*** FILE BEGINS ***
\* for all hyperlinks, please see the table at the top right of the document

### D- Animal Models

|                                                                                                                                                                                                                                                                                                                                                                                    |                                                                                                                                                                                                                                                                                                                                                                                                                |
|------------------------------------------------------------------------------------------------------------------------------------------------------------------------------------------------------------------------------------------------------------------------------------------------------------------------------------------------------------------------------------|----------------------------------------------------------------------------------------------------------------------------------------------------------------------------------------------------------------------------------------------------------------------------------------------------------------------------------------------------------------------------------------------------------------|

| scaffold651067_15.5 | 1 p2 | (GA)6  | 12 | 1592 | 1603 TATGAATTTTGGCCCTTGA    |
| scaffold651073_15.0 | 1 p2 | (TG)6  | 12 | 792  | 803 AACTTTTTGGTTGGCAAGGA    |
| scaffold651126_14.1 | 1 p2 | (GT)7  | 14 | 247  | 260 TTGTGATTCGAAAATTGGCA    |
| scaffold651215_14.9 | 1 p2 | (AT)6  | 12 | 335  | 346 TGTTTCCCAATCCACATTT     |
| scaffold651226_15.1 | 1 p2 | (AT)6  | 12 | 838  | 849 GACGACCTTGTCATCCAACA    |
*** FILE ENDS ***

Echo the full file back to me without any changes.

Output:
\* for all hyperlinks, please see the table at the top right of the document

### D- Animal Models

|                                                                                                                                                                                                                                                                                                                                                                                    |                                                                                                                                                                                                                                                                                                                                                                                                                |
|------------------------------------------------------------------------------------------------------------------------------------------------------------------------------------------------------------------------------------------------------------------------------------------------------------------------------------------------------------------------------------|----------------------------------------------------------------------------------------------------------------------------------------------------------------------------------------------------------------------------------------------------------------------------------------------------------------------------------------------------------------------------------------------------------------|

| scaffold651067_15.5 | 1 p2 | (GA)6  | 12 | 1592 | 1603 TATGAATTTTGGCCCTTGA    |
| scaffold651073_15.0 | 1 p2 | (TG)6  | 12 | 792  | 803 AACTTTTTGGTTGGCAAGGA    |
| scaffold651126_14.1 | 1 p2 | (GT)7  | 14 | 247  | 260 TTGTGATTCGAAAATTGGCA    |
| scaffold651215_14.9 | 1 p2 | (AT)6  | 12 | 335  | 346 TGTTTCCCAATCCACATTT     |
| scaffold651226_15.1 | 1 p2 | (AT)6  | 12 | 838  | 849 GACGACCTTGTCATCCAACA    |